5 Questions on nostalgia with Andra Stefan of Amsterdamming

I want to talk about a feeling that comes up for most of us from time to time, the one that cloys like sweet musk and has a weightiness that presses and lingers. It’s a feeling of longing, of time passing, of honey-soaked memories crystallized in time. It’s a bittersweet pill, one that tends to come more frequently with age, one that seems to affect us all differently, if we experience it at all. And it’s a topic that I’m always keen to investigate more deeply, which is what I’m doing today with the inspiring writer and photographer, Andra Stefan of Amsterdamming.

So if you haven’t guessed already (or if you didn’t read the title), the feeling I’m talking about is nostalgia. And after following the work of Andra for awhile now, I realized that this would be a perfect topic to talk to get her take on. That’s because Andra’s work is pure nostalgia. She has a knack for capturing specific moments in time and preserving them like pressed flowers. Her work is moving and wistful. It’s like taking a ride through her rose-tinted memories, the beauty and the rawness all there to see and explore. So when I asked Andra to participate in this interview, she was more than game. As she put it, “nostalgia is my middle name”.

So without further introduction, let’s dive deep into Andra’s experience with this multi-faceted feeling. As I expected, her responses were thoughtful and provoking. She talks about when she experienced nostalgia for the first time, what she does when it overcomes her, how moving far away from her homeland has affected her relationship with it, and more.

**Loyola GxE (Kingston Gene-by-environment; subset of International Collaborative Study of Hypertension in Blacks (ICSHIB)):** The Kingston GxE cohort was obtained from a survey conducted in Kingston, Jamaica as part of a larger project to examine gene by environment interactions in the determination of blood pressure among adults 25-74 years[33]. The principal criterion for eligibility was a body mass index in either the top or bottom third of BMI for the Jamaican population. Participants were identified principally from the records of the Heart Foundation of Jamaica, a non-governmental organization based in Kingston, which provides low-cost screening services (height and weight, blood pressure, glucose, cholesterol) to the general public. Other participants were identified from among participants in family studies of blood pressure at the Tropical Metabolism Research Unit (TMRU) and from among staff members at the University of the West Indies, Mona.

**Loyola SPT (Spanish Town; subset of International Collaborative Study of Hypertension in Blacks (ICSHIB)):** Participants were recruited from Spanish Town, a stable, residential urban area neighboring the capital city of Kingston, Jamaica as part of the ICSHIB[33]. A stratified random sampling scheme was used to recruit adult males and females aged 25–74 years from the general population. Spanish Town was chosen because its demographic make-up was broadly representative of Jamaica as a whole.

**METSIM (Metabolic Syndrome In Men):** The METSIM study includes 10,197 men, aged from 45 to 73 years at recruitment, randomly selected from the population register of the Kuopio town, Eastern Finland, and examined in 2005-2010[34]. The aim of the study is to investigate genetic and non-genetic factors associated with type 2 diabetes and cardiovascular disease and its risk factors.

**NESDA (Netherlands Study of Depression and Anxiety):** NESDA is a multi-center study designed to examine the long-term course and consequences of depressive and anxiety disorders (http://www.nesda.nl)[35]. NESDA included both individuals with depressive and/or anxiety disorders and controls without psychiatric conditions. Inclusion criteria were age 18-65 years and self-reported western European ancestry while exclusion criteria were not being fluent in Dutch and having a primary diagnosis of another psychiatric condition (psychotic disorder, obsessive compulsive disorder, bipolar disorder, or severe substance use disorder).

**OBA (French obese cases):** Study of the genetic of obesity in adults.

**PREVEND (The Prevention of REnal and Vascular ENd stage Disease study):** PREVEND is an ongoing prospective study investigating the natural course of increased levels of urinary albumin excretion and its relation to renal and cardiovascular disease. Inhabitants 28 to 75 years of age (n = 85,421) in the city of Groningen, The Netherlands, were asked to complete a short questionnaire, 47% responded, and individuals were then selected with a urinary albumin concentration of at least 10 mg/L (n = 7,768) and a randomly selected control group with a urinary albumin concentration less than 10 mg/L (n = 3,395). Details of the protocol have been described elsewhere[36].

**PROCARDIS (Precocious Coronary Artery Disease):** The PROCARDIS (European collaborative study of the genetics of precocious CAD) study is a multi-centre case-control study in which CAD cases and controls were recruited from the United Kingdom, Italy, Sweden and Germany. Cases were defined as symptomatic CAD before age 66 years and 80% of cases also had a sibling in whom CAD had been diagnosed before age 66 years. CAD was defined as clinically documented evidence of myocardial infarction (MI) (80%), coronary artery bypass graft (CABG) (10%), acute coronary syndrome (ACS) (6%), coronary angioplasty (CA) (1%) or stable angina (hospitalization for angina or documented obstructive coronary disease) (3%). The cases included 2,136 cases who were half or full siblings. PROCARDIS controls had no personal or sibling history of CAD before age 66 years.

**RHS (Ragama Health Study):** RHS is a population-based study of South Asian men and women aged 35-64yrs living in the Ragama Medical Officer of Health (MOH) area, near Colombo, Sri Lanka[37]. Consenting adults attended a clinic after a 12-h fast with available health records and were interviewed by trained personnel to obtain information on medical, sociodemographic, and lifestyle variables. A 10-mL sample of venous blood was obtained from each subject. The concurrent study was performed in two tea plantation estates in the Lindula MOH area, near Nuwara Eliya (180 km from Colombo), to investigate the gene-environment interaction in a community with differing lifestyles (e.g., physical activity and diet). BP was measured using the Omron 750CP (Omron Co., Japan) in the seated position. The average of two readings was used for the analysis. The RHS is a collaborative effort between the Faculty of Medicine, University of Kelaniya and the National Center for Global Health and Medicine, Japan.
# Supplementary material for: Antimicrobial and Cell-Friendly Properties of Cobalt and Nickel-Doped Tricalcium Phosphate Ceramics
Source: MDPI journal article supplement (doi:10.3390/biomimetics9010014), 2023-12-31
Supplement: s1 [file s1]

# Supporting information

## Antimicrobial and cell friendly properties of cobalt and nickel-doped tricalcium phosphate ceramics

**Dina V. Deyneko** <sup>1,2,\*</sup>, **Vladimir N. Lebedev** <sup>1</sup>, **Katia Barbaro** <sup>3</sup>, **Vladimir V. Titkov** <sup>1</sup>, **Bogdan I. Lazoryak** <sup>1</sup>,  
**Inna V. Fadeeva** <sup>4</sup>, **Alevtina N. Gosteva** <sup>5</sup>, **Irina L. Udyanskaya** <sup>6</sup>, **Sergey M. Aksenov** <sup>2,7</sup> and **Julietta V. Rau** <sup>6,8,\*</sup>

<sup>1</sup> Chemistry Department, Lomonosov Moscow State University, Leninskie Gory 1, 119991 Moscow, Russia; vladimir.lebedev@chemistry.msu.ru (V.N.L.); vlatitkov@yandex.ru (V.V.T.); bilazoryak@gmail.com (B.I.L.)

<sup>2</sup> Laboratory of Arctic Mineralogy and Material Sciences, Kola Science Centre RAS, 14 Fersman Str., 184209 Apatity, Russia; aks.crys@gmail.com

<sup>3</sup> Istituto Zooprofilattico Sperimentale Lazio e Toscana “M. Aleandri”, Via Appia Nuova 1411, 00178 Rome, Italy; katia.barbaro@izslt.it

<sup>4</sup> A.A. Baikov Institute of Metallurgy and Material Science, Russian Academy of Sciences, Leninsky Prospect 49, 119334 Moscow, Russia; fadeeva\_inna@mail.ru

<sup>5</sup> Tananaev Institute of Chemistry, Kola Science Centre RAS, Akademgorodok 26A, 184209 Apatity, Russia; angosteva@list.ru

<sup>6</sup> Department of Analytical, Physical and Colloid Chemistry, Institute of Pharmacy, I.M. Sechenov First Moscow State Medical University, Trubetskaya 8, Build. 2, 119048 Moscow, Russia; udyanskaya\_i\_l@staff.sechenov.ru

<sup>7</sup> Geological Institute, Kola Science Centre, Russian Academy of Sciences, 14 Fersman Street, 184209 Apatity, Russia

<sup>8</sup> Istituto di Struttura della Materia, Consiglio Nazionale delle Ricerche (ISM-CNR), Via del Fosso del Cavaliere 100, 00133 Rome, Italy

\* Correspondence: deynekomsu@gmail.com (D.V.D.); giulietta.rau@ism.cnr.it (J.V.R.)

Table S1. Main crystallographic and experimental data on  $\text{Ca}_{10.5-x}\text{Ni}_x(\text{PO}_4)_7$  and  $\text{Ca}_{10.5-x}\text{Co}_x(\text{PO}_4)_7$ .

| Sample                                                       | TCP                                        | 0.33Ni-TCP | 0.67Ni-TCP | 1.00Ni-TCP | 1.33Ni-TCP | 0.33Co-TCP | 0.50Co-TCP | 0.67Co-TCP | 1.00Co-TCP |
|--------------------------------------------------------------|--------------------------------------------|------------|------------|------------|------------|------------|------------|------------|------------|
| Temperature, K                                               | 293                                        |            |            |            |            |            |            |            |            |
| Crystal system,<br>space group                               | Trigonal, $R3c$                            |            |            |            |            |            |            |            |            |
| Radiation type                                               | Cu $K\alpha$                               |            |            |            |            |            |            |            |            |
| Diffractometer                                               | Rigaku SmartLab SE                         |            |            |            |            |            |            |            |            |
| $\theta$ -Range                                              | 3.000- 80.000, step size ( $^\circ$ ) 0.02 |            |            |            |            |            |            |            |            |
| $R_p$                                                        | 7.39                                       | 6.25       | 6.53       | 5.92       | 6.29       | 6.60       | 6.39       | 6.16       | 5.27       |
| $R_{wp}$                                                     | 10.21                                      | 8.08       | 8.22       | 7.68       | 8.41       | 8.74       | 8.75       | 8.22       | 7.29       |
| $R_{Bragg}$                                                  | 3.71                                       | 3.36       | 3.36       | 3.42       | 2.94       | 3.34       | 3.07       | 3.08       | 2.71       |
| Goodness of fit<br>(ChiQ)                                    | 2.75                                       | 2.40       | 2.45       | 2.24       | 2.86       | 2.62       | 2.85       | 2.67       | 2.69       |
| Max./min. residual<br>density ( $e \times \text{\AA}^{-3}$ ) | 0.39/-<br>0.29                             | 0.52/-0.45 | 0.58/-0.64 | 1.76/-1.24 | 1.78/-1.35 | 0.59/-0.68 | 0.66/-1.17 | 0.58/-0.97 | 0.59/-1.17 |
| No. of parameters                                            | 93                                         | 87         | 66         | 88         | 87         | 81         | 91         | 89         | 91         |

Give it a read and tell us about your relationship with this feeling over in the comments.


Nostalgic about the Danube Delta_Amsterdamming_The feeling of nostalgia_Elizabeth Sensky
“The Danube Delta, Romania – the place tied to my first nostalgic feelings.” – Andra

1. Do you have a recollection of the first time you experienced the feeling of nostalgia?

I did not know what nostalgia meant until my early twenties when my boyfriend at that time lent me a book with this name. Before starting the book, I looked the word up in the dictionary. I remember having a revelation. Everything I liked most was there, in that definition. Nostalgia could just have well been my middle name.

Even before knowing there was a name for this feeling, I had an impressive collection of nostalgic moments. The earliest of them are linked to my summer holidays in the Danube Delta.

Imagine a most isolated place, with no roads to drive, a land of water, reed, and willows, a paradise for birds and fish, an unfavorable place to make a living. This is the place where we would go every summer to stay in the house of our hosts, the Tarasov family. Life in the Danube Delta was rudimentary and days never seemed to end. My father would go fishing with Mr. Tarasov, my mother would cook with Mrs. Tarasov, my sister and I would play with the other children from the village, in the unbearable heat and the dust of Romanian summers. Daily activities included waving hands at the crew on ships heading to the sea, picking ripe fruits from the trees, chasing fireflies. At night, we would stare at the Milky Way, so clear and flawless in the darkness.